Genetic study reveals local differentiation persisting in the face of high connectivity and a genomic inversion likely linked with sexual antagonism in a common marine fish
Peer reviewed, Journal article
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Original versionICES Journal of Marine Science. 2023, 80 (4), 1103-1112. 10.1093/icesjms/fsad042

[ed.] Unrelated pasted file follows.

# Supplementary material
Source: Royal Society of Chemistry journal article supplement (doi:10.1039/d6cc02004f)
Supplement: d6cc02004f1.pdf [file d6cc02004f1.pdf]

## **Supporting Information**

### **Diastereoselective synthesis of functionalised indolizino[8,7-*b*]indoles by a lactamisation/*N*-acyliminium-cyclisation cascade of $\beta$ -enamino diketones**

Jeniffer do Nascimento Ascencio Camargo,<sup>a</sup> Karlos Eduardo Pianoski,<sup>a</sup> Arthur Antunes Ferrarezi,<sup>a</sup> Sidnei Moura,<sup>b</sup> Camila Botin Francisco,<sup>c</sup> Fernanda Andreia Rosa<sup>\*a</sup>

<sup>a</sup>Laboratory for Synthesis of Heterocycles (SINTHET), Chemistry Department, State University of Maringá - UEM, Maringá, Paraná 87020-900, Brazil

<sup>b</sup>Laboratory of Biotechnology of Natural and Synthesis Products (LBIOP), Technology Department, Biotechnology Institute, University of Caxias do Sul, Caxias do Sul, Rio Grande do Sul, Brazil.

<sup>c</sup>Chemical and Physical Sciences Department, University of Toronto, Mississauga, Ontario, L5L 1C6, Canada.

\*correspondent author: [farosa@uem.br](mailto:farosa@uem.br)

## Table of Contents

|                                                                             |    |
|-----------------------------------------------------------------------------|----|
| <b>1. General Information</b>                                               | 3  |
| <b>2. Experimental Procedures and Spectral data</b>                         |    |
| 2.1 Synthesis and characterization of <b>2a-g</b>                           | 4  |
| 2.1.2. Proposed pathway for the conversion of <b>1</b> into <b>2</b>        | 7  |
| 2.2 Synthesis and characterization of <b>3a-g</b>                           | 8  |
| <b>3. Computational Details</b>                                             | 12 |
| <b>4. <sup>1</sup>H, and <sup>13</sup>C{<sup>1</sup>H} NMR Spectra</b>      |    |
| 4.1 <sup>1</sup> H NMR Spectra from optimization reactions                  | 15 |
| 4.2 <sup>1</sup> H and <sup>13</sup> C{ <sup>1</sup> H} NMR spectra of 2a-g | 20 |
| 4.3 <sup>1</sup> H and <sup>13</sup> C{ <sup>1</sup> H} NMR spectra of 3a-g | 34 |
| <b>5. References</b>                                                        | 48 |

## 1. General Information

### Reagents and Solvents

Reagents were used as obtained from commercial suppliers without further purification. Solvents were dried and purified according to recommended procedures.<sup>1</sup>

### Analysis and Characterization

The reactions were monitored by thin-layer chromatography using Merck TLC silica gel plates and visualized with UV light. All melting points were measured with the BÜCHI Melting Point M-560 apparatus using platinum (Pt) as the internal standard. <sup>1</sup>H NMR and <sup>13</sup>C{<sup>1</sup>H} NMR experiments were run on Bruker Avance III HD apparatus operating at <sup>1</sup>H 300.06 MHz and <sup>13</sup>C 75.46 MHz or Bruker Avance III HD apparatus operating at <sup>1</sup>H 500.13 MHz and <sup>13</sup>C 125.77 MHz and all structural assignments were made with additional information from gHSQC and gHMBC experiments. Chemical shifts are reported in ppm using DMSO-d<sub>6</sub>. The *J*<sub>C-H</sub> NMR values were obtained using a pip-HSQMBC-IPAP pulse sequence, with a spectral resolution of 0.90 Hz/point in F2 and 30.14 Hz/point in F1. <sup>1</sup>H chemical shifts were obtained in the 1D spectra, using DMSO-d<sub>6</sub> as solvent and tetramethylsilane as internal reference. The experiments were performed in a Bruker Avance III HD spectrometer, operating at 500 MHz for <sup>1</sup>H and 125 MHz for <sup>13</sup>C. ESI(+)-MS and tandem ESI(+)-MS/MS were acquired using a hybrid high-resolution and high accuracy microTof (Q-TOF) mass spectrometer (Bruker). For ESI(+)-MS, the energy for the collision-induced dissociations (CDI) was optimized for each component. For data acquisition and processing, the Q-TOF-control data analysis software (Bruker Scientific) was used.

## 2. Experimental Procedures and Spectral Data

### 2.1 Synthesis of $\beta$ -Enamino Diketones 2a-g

Sustainable harvest of wild populations requires knowledge of the underlying population structure. The focus of this study is on goldsinny wrasse (Ctenolabrus rupestris), a small marine fish inhabiting coastal waters of the north-eastern Atlantic. This species is caught in large numbers to serve as cleaner fish in salmonid aquaculture. We genotyped 2073 goldsinny wrasse from 43 sites along the Scandinavian coastline with 143 SNPs. Seven of the SNPs were linked and likely reside within a large genomic inversion dominated by one haplotype. The heterokaryotype of the putative inversion displayed sex-specific growth patterns, potentially resolving sexual antagonism for this trait. The unlinked 134 SNPs showed modest isolation-by-distance with samples from the northernmost locations showing highest divergence, whereas sites farther south were much more interconnected. Genetic divergence (FST) was highly variable among sites within regions, suggesting a varying degree of connectivity and local divergence. We conclude that despite a high degree of gene-flow mediated through pelagic dispersal in early life stages, regional and some local population structure remains due to limited adult movement in addition to other unidentified factors. Consequently, the species might be more vulnerable to local disturbances than previously anticipated.